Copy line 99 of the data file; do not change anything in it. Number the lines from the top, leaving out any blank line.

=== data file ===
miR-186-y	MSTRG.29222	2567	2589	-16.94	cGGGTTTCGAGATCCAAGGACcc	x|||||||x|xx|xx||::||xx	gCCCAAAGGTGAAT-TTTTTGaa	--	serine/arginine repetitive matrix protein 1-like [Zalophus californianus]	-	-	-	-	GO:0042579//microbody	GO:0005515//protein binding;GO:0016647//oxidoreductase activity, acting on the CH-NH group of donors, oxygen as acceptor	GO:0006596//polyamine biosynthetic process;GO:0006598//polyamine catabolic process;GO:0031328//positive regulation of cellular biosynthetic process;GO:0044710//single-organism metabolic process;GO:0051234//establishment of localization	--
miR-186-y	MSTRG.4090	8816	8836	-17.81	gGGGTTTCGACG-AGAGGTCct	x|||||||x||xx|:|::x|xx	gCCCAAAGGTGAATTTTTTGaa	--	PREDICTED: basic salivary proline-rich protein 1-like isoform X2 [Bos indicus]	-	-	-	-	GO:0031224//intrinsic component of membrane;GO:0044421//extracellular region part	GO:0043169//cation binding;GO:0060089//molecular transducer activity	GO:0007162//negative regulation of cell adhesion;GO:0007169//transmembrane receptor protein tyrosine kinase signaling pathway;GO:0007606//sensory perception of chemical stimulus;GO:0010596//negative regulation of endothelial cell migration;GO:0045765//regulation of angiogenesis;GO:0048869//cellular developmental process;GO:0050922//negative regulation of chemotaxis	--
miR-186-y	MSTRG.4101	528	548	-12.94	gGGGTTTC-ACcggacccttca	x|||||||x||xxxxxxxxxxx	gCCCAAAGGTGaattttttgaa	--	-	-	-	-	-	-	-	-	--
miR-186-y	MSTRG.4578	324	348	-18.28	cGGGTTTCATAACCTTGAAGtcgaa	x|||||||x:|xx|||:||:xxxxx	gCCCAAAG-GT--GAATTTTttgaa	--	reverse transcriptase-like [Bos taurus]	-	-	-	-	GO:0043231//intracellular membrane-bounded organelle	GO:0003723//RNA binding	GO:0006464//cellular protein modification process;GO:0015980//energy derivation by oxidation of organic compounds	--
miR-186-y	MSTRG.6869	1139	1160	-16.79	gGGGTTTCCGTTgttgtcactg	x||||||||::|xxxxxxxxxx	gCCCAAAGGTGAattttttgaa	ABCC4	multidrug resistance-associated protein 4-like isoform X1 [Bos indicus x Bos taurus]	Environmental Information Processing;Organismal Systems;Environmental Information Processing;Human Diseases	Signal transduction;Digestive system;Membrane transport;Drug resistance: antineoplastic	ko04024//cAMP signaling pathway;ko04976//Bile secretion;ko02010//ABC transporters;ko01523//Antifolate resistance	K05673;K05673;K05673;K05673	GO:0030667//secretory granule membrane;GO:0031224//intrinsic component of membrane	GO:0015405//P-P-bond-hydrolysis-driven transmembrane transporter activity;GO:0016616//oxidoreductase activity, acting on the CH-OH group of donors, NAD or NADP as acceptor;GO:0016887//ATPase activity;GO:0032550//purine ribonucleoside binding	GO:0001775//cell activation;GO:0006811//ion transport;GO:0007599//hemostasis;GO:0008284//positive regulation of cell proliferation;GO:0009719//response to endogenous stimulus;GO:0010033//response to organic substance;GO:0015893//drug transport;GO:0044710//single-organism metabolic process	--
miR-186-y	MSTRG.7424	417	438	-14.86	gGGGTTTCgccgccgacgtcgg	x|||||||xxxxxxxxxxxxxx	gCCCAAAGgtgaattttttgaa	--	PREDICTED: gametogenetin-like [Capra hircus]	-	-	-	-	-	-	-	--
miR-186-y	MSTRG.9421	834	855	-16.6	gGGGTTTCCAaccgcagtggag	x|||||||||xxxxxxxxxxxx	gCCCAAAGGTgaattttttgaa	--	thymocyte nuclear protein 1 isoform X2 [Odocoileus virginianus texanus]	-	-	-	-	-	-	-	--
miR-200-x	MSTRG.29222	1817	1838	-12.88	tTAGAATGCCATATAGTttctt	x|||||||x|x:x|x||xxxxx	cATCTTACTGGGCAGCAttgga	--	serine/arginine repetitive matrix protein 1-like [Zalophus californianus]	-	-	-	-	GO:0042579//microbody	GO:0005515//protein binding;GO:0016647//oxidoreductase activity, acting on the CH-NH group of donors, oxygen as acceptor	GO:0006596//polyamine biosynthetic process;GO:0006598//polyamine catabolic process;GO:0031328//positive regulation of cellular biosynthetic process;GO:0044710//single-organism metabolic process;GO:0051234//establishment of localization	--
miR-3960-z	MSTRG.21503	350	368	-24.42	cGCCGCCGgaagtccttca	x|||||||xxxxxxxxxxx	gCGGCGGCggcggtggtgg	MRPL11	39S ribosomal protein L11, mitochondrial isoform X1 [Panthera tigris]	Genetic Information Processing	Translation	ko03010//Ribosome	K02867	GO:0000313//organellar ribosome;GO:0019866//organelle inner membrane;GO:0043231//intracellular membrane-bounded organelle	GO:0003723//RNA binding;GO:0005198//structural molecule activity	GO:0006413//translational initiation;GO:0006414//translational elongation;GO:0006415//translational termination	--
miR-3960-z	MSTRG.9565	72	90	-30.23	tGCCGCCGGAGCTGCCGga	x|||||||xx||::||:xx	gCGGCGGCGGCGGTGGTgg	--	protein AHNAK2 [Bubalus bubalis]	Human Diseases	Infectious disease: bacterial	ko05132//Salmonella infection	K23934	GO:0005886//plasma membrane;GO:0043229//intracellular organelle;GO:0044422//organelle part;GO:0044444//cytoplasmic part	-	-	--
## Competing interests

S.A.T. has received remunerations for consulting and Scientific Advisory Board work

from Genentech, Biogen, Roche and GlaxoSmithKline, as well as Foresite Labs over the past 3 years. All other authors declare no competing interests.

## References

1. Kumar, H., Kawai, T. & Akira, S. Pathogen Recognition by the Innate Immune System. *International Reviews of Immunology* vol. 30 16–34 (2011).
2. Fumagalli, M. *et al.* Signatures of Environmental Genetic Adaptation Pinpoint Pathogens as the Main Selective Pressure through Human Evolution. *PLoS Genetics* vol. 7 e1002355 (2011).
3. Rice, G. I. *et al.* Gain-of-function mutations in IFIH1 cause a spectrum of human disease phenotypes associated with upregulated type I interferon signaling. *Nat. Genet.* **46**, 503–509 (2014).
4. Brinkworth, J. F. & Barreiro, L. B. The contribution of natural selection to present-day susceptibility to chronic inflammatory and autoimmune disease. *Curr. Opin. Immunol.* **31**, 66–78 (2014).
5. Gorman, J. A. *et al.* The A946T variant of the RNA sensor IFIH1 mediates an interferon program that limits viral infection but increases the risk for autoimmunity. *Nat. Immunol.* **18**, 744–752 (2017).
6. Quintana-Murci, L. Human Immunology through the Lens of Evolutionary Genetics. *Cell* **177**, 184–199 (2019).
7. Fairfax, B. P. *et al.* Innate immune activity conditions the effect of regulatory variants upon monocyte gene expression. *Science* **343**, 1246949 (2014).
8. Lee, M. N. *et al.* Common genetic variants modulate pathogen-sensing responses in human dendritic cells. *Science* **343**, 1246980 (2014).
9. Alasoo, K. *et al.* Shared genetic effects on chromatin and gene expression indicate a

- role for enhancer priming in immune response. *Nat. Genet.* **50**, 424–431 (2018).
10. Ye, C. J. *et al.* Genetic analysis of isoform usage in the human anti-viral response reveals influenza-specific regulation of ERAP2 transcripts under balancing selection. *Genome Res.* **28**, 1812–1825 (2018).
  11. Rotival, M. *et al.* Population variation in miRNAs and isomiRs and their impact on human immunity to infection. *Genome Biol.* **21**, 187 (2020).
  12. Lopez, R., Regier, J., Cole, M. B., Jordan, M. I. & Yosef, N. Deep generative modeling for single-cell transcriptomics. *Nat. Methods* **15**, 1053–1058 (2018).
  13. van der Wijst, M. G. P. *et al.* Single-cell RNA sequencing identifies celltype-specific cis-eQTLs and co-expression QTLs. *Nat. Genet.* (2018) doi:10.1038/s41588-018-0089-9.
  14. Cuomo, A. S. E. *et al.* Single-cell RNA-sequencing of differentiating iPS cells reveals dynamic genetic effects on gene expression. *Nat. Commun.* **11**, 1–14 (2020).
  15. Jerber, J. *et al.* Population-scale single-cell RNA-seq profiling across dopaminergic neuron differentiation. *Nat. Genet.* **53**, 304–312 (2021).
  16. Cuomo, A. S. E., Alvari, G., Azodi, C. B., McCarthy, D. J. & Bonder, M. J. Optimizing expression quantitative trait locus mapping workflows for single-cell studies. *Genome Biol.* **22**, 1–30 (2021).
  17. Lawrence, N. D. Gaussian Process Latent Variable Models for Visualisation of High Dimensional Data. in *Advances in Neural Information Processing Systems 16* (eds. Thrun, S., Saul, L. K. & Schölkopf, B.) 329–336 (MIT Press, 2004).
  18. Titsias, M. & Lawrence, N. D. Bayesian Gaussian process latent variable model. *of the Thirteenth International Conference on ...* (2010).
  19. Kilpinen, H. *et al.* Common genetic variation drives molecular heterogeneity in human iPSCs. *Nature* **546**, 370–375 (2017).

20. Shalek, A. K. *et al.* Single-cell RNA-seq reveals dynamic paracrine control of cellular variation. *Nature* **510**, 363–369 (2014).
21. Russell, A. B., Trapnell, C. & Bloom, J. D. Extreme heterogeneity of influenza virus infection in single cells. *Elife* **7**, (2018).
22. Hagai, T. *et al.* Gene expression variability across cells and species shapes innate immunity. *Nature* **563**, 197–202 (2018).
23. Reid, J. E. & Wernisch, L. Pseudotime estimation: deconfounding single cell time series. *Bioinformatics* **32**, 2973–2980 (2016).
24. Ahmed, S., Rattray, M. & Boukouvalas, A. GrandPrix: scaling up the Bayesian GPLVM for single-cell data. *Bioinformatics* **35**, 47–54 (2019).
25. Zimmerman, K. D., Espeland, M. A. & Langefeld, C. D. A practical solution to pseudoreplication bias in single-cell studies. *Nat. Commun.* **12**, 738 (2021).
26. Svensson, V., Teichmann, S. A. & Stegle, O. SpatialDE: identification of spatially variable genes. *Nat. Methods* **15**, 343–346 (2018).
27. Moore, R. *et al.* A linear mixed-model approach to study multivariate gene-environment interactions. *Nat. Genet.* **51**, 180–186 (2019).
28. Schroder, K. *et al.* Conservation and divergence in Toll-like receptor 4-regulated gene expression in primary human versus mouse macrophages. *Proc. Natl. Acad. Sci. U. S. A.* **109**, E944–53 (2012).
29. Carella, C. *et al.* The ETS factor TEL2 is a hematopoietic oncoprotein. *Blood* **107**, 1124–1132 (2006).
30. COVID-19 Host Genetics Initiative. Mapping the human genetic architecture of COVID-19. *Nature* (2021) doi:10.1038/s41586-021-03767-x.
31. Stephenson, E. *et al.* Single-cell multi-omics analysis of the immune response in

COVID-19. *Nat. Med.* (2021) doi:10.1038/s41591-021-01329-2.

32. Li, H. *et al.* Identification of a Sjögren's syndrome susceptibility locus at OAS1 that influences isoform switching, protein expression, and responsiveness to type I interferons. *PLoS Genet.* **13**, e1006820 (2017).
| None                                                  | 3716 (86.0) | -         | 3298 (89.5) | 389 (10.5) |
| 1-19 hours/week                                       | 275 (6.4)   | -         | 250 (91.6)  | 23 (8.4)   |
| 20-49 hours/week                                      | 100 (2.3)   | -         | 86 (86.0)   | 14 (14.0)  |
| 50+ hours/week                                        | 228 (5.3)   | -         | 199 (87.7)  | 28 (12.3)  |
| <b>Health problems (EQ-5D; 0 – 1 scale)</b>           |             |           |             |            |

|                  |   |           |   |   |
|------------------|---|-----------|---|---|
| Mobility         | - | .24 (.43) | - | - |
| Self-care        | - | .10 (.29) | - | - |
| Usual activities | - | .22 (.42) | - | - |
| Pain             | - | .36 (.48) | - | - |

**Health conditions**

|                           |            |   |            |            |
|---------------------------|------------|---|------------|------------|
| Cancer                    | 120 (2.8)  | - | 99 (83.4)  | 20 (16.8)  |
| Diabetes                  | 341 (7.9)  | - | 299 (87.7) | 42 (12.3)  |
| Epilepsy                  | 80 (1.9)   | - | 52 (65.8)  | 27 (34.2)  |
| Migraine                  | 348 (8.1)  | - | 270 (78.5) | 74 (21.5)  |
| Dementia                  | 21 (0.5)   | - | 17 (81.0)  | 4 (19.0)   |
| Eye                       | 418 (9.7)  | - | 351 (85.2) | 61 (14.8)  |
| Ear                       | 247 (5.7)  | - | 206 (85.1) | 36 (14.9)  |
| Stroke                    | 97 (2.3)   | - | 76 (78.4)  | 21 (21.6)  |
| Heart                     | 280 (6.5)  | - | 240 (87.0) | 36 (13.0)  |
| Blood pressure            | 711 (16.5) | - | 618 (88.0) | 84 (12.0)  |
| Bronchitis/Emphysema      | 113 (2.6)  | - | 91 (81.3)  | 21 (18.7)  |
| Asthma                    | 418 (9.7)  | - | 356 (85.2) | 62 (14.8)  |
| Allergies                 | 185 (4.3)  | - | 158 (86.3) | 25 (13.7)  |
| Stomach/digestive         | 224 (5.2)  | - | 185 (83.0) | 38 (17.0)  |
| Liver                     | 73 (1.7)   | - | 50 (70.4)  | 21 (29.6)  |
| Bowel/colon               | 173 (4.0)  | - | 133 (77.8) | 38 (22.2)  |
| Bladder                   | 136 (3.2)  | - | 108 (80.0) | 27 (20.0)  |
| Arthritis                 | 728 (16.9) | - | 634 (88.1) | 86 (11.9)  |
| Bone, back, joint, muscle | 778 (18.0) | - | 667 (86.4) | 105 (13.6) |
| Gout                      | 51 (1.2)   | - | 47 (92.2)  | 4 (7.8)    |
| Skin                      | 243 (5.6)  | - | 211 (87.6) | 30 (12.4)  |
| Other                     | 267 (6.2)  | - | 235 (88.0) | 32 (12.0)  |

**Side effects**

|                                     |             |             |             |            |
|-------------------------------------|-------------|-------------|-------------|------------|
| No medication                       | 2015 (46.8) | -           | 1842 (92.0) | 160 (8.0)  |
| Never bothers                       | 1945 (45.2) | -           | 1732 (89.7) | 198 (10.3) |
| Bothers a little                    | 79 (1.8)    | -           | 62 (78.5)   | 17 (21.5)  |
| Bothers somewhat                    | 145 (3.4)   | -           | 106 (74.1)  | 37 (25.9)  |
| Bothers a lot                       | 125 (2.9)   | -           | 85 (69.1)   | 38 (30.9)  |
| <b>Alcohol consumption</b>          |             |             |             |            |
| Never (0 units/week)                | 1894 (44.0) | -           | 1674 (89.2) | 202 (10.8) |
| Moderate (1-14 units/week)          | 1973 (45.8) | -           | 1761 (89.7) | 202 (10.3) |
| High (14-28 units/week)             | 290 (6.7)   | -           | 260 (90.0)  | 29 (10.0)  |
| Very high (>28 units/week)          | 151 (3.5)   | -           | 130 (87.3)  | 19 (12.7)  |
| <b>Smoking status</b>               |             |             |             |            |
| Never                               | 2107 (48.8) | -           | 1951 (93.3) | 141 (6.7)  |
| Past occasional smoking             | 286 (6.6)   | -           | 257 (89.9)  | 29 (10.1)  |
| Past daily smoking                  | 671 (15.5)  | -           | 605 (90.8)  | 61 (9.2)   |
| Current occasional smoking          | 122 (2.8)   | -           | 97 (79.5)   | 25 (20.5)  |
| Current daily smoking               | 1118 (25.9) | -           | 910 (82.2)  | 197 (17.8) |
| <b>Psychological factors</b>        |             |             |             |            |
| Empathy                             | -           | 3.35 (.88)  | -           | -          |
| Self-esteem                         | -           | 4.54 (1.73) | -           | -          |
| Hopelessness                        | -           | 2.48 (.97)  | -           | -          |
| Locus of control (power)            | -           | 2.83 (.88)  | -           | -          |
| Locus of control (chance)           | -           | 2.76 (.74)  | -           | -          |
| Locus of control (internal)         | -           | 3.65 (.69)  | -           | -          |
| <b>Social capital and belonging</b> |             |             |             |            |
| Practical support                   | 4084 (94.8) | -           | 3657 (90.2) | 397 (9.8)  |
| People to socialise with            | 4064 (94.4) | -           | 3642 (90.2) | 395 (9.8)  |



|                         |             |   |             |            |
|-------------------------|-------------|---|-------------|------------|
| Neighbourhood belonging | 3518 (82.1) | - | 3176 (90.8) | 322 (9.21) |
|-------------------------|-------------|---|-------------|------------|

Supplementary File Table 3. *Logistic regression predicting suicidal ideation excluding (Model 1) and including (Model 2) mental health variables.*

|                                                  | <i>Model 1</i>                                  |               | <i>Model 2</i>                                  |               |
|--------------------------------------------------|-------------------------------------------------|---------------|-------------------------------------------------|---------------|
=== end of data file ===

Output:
| Never                               | 2107 (48.8) | -           | 1951 (93.3) | 141 (6.7)  |